Watch this space for round two!
I’m pleased to report that I’ve finally got to grips with my cider vinegar making. The secret is to make small batches, leaving it in accessible spot in the kitchen to be stirred at every available opportunity. After four weeks I’m rewarded with a mildly flavoured cider which I bottle to use for salad dressings, in cooking and to make herbal tinctures.
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Posted in Gardening, Home Remedy, Nature, Smallholding, tagged compost, growing, honey, manure, soil, tonic, Water on August 27, 2013|
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I came across this recipe for compost tea on a tatty of piece of newspaper well past its prime. Obviously it had been in circulation for quite a while, waiting for me to put its instructions to good use. It floated out of a gardening book I had been flicking through. As I bent to pick it up, now, I decided was as good a time as any to put it to the test. The potatoes that I had planted in my polytunnel earlier in the year were long gone and the bare ground was looking dusty and barren. Crying out for a good feed. This is where my compost tea recipe was going to work its magic. My scrap of newspaper promised the stuff would regenerate spent and tired beds in a matter of days. Perfect.
I bought a small, cheap water pump generally used for aquariums from our local pet shop. Its purpose- to pump air through my tea as it brewed. All the ingredients, topsoil, manure, compost, honey and water were assembled into a large bucket and left to sit for three days.
Sure enough on day three the liquid slurry was looking just like the head of a freshly poured beer. All frothy and alive with bubbles. Mixing 1 part tea to 9 part water I watered it onto my soil. I’m hoping to see spectacular results for my next batch of veggies. Has anyone else tried this? I’d love to hear how it worked for you.
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Posted in Gardening, Home Remedy, Nature, Seasonal foods, Uncategorized, Wild food, tagged beauty, chemical free, facial toner, natural on July 4, 2013|
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Last year I made a delicately flavoured cordial from the flowers of the elder. The delicious syrup was used liberally for all sorts of sweet treats- in cakes, puddings (especially good in gooseberry crumble) and cocktails. As our hedges are once again heaving with the large fragrant blooms I’m inspired to find more uses for them. I have read about the skin toning and wound healing properties of elderflowers. Apparently they are rich in tannins which stimulate the epidermis and are said to be great for blemishes and dry skin. This sounds like just the ticket for my dodgy skin. And so, it brings me to a recipe of a topical kind: elderflower facial toner.
- Pick the flowers on a warm sunny day to ensure optimum nectar level.
- Handle them gently so as not to shake off too much nectar.
- Do not wash. Leave them sit for an hour or so to allow the creepies crawl away to safety.
Homemade elderflower skin toner
Pick about 15 heads. Remove as many as the stems from the little florettes as possible and place in a heatproof jug. Pour over about 300ml of boiling water (preferably filtered) and let sit for half an hour. Strain with muslin (I used a coffee filter) and decant into a clean sterilised bottle. I found my filter trapped a lot of pollen some of which I placed back into the bottle. After all, I’m guessing this is where a lot of goodness is. To ward away any bacteria I put a few drops of citricide grapefruit seed extract in it. Again, I’m not sure this is necessary as it is best stored in the fridge anyhow.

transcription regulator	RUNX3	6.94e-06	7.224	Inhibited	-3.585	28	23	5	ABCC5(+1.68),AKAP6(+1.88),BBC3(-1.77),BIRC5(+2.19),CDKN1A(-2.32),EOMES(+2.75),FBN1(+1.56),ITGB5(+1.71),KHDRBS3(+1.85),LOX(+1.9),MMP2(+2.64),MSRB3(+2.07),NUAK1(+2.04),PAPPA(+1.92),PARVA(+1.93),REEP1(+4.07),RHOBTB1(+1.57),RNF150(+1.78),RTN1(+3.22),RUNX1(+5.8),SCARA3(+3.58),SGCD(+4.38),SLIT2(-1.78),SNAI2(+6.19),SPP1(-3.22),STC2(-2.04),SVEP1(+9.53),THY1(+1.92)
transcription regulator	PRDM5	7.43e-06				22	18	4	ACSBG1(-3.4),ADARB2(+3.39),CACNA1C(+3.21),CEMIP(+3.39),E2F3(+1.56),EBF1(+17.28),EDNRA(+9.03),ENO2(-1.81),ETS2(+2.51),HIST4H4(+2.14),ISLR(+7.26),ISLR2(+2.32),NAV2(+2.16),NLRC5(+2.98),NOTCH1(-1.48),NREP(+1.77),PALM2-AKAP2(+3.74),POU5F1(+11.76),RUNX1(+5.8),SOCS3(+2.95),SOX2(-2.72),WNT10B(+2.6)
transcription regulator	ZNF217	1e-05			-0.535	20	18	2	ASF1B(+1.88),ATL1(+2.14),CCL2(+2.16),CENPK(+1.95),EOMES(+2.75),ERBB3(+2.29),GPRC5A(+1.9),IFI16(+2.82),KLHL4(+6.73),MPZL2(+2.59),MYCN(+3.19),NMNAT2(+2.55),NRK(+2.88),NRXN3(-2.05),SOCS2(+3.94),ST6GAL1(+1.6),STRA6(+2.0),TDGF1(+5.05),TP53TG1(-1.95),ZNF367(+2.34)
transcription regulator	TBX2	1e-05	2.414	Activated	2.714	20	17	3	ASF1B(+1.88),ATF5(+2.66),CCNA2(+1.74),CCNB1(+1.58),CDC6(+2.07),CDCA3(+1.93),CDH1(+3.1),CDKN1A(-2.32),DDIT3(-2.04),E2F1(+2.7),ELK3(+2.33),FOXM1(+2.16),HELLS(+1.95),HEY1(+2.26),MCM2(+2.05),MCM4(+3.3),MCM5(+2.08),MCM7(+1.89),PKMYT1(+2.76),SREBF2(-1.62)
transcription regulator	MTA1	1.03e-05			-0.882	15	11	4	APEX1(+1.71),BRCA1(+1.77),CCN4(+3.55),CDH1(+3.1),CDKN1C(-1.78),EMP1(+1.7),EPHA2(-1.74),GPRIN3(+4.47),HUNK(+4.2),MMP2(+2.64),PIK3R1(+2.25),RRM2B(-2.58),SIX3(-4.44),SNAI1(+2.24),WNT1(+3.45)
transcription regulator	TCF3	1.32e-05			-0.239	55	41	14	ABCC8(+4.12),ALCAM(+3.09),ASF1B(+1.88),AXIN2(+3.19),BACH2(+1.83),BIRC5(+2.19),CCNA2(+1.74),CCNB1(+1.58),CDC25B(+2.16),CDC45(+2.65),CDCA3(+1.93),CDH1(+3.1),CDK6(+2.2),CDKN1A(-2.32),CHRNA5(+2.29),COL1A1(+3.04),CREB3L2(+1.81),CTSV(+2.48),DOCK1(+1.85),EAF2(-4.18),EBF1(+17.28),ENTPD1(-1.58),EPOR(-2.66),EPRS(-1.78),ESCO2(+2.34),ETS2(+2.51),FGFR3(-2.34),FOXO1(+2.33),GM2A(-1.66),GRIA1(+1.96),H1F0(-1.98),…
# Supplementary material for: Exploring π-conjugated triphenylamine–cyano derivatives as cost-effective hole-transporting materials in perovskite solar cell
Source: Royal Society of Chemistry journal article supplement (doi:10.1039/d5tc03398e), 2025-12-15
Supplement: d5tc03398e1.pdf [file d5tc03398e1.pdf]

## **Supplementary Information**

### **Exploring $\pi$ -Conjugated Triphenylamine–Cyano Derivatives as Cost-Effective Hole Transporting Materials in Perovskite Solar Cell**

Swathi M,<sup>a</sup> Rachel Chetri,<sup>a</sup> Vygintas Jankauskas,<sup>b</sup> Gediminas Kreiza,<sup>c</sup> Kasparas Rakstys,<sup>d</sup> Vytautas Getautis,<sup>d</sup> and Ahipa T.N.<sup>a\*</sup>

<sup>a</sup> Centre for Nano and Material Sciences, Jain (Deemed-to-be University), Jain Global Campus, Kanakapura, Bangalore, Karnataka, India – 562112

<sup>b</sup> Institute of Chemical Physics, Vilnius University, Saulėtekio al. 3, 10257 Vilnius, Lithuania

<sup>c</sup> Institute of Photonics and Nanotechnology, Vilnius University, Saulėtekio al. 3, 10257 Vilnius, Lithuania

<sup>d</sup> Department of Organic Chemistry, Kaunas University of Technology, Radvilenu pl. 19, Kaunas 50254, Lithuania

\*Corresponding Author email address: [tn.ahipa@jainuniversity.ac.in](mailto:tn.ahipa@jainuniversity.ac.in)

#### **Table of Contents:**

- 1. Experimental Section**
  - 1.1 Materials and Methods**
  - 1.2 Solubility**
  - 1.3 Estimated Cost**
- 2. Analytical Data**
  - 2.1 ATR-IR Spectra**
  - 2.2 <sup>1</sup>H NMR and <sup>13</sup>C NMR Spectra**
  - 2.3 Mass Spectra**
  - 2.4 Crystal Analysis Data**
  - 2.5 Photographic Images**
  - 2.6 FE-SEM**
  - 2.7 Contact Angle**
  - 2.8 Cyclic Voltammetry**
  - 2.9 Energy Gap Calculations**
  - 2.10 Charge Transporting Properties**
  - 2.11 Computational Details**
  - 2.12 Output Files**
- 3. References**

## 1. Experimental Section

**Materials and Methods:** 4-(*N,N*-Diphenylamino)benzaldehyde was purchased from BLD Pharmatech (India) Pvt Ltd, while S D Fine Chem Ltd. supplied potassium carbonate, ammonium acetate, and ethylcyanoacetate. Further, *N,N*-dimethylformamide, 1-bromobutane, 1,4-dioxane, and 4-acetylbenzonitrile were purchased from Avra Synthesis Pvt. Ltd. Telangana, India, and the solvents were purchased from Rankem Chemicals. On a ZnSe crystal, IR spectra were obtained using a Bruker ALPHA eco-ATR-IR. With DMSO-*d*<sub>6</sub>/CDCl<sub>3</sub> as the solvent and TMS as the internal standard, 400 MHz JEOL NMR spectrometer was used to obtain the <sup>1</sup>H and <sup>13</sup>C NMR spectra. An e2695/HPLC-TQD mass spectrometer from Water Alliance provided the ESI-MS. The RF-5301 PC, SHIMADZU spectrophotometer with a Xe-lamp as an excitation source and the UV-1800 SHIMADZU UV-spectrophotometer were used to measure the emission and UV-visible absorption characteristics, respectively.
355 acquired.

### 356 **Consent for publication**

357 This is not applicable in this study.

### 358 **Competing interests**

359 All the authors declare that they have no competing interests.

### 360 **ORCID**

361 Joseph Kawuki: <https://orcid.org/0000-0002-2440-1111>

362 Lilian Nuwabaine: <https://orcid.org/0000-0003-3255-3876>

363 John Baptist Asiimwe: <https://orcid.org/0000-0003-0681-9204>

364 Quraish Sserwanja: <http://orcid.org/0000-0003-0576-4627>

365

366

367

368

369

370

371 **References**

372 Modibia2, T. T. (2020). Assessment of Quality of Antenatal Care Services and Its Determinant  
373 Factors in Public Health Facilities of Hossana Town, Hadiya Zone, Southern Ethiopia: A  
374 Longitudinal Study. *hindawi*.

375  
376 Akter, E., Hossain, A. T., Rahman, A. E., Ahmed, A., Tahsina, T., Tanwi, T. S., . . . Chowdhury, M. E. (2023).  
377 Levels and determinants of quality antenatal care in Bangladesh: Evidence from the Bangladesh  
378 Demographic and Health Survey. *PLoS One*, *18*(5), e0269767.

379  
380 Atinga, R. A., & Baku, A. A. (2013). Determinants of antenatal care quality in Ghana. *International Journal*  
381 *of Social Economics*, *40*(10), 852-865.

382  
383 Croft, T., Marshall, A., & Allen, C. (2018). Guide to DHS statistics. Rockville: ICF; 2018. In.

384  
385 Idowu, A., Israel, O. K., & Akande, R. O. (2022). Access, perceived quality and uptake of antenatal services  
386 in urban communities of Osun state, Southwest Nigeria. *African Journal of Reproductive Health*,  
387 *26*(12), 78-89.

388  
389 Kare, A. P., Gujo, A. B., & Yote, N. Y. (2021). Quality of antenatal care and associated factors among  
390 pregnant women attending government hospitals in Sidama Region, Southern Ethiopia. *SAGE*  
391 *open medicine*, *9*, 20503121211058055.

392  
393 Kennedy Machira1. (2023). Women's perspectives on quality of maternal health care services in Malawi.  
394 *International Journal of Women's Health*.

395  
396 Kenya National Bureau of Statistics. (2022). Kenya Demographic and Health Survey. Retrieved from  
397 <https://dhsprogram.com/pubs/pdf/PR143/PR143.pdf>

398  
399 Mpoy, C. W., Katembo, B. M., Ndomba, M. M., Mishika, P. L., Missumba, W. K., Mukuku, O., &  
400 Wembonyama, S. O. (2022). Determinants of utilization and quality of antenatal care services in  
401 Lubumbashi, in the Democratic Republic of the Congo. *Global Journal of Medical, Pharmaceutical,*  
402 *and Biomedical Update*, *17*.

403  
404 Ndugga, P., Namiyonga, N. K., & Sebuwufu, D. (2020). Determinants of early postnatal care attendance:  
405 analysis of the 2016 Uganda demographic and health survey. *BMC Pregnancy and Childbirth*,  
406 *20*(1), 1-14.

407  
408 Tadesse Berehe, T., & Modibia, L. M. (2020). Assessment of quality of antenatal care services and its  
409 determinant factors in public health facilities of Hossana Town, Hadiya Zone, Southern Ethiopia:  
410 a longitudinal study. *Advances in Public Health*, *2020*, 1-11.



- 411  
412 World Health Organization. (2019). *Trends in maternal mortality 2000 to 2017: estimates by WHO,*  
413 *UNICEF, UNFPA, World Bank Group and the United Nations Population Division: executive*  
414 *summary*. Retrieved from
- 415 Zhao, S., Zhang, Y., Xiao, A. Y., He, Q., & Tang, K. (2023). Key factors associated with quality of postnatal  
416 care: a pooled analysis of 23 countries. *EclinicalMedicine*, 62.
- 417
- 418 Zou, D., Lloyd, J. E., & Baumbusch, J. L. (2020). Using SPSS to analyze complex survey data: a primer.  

Apply the toner after washing your face. It smells a bit potent, not in an totally offensive way, but leaves my face feeling nourished and ever so soft. As for banishing the blemishes…well, we’ll just have to wait and see! If anyone else has tried it- I’d love to hear about it.
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Posted in Family, Gardening, Home Remedy, local food, Nature, Seasonal foods, Uncategorized, Wild food, tagged recipe, The Hedgerow handbook, tonic on May 30, 2013|
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This morning on my customary bowl of porridge I enjoyed a glug of nettle syrup. I can assure you that it’s not as unappetising as it sounds. Like maple syrup it is caramely sweet but with just a tiny hint of nettle essence. If you weren’t aware of it’s pedigree you would never guess that nettle leaves were the main ingredient. It is both a treat and a tonic and so easy to make. I adapted the recipe from a beautiful and much cherished book that my sister bought me.
Here’s how I went about it:
I picked about 1kg of fresh nettle tops and placed them in a large saucepan with 2 litres of water. A handful of lemon balm leaves also went into the pot. I brought the water to a boil and simmered for an hour. Then I strained the lot through a piece of muslin and placed back in the pot with 800g of unrefined caster sugar. The spent leaves went onto the compost heap. Carefully stirring in the sugar I brought the heat up to a gentle rolling simmer until the liquid began to thicken. This took about 30 minutes. Then, after cooling, I decanted it into sterilised bottles/jar. I ended up with about 1 litre of syrup.
You really have to taste it to believe how surprisingly lovely it is. I even went as far as making some snazzy labels to tempt my reluctant family into giving it a shot. After much cajoling it eventually got the thumbs up. I urge you to get out there and gather some nettle tops before they they flower and make the most of one of our hedgerow heros. Let me know how you get on!